It is now clear that a major lapse on the part of the government, which had slipped into a holiday mood ahead of Sinhalese and Tamil New Year, made the attacks possible. At the heart of the problem is an unimaginable failure to disseminate specific intelligence about the blasts, provided by India and other countries, time and again, to the president, the prime minister and others in the government who claim to have had no knowledge of what was going to happen. A letter addressed to the inspector general of police (IGP) by the head of the National Intelligence Unit and a former CID director Sisira Mendis on April 9th warned of a possible attack on churches. The letter was then forwarded by the IGP to a number of deputy inspector generals, none of whom apparently acted on it or informed ministers of the threat. Further, India supplied specific intelligence to the Sri Lankan police, listing possible attacks and even giving phone numbers of suspects. The rift between President Maithripala Sirisena and Prime Minister Ranil Wickremesinghe appears to be another fault line in communications that has seriously undermined the credibility of the government. “It is very unfortunate that information was not passed on to us. The intelligence apparatus was active and functioning during the war, but after the war, especially after the new government coming in, there has apparently been a spirit of complacency. They lowered their guard,” said Cardinal Malcolm Ranjith, talking to Open. “They should have told us and we would have stopped all the masses. These people came to the church with a lot of trust and hope and faith and their lives have been completely shattered.” The archbishop, hailed for his efforts to maintain communal peace, said representatives of Muslim communities had called on him and he did not believe they had anything to do with the attacks. “It looks like a Christian-oriented attack. The bulk of the people who died were from the three churches. And they picked a date important to Christians. Then, the three hotels they targeted had advertised special Easter breakfasts and brunches. So there was an Easter nuance. They expected Christians to be there. Unfortunately, even Muslims have died,” he said. “I have told the Catholic population not to attribute the attack to Muslims, not to raise a hand against them. The Holy Father has been conducting dialogue with Muslim envoys from various parts of the world. I have personally been friendly towards Muslims since we have a common ancestor in Abraham.”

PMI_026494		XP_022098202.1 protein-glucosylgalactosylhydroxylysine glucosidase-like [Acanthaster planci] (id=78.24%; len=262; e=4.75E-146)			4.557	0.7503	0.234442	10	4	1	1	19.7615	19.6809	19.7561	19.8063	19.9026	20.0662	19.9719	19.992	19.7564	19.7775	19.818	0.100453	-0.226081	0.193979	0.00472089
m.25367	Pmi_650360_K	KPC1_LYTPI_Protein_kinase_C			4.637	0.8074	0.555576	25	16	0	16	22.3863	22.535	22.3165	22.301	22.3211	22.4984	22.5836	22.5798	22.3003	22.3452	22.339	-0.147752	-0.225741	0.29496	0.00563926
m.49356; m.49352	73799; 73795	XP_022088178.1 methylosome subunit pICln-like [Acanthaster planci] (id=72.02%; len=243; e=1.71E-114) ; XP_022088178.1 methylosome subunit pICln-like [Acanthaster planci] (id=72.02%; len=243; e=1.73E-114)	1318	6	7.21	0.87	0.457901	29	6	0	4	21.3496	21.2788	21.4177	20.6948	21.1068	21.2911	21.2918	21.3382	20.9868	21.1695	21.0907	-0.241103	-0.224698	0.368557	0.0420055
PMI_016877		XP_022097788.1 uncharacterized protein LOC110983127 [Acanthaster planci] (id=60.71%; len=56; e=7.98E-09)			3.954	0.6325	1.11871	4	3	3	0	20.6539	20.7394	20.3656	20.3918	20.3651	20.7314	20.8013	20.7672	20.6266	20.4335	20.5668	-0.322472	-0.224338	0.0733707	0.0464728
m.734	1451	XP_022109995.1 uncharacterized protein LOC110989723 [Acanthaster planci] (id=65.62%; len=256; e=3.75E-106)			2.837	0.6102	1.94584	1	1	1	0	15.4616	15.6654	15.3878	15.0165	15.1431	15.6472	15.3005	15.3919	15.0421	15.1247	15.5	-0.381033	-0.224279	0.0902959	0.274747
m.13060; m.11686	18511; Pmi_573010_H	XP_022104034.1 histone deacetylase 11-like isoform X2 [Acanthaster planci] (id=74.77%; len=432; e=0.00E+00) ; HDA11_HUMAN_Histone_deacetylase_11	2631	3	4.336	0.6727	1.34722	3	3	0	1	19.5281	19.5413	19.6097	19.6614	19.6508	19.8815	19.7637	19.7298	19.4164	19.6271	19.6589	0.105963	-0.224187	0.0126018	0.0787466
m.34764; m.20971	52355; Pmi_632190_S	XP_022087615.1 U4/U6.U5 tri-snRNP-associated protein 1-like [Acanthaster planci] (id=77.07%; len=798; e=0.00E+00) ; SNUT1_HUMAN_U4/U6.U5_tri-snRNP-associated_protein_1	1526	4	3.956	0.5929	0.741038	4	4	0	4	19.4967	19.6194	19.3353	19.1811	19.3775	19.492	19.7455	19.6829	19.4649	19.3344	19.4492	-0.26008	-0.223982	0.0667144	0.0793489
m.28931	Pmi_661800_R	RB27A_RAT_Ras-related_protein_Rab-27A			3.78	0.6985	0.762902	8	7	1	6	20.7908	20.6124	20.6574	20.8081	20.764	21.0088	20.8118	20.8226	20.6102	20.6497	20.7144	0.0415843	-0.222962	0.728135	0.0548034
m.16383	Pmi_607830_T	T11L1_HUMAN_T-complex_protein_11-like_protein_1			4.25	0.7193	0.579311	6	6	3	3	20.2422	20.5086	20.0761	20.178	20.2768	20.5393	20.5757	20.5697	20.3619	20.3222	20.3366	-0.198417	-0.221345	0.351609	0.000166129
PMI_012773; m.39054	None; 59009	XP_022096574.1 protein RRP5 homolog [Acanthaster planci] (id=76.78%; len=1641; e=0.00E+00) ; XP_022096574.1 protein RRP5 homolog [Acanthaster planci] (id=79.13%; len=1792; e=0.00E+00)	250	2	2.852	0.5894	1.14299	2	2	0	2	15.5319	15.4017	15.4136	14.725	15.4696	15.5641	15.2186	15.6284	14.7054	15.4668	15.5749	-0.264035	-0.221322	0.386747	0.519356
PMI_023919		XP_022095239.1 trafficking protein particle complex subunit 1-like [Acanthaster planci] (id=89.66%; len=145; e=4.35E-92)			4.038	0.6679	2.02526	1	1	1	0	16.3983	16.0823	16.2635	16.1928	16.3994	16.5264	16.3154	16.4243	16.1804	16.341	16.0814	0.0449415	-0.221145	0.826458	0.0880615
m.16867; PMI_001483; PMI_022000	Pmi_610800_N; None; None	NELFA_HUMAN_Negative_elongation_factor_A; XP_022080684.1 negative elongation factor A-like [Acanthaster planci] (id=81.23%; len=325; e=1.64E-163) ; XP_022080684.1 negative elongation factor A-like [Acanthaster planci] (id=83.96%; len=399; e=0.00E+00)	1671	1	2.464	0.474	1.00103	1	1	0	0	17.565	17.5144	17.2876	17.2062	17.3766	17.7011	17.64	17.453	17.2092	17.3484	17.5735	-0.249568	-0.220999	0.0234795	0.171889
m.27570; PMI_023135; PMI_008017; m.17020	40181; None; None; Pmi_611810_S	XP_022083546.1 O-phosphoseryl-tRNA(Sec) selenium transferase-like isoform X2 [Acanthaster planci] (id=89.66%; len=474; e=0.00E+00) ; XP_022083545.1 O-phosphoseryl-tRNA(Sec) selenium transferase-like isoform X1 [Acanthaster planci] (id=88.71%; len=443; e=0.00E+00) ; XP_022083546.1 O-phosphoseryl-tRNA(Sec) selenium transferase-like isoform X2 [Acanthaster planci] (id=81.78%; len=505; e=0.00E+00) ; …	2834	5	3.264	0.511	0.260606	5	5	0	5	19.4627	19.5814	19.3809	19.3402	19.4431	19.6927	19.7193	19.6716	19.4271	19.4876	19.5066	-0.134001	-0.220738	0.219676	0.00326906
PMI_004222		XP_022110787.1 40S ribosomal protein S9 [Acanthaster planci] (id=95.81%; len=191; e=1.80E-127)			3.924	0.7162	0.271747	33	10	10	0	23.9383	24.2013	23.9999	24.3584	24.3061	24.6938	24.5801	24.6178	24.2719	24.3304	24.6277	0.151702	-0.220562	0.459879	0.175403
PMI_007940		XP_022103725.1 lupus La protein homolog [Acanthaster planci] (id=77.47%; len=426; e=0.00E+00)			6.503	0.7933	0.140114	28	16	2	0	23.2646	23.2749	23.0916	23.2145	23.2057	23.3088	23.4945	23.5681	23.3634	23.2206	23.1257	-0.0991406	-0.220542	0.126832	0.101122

Western Province Governor Mohamed Azath Sanoon Salley claims Muslim leaders warned the government of radicalised groups three or four years ago. “We have alerted them at least five to six times. But the roots go back to 1994 or even earlier. Unfortunately, when the state doesn’t act on our reports, it is our people who have to fear reprisal when an attack happens.”
Muslims are extremely embarrassed, says Mohamed Azath Sanoon Salley, governor of the Western Province. Many older Muslims in Sri Lanka possess the unique advantage of speaking all three languages—Tamil, Sinhala and English—but this is disappearing under the current schooling system where only some schools offer bilingual teaching from Grade 6 onwards, with subjects like mathematics and science taught in English and others in the mother tongue. “With this attack, a large number of Muslims employed in sectors like hospitality could become unemployable,” says Salley. “Over the years the education system had become segregationist—Sinhalese Buddhist-run schools would rarely admit Muslims, for instance—but the government is trying to remedy this. It has also expressed interest in banning the burqa and niqab in Sri Lanka. These are welcome measures but, on the other hand, when Tablighi Jamaat leaders are campaigning on the ground for calm to prevail, they are being arrested as suspects,” Salley says. The governor claims Muslim leaders first warned the government of radicalised groups in the country three or four years ago. “We have alerted them at least five to six times. But the roots go back to 1994 or even earlier. Unfortunately, when the state doesn’t act on our reports, it is our people who have to fear reprisal when an attack happens,” he says.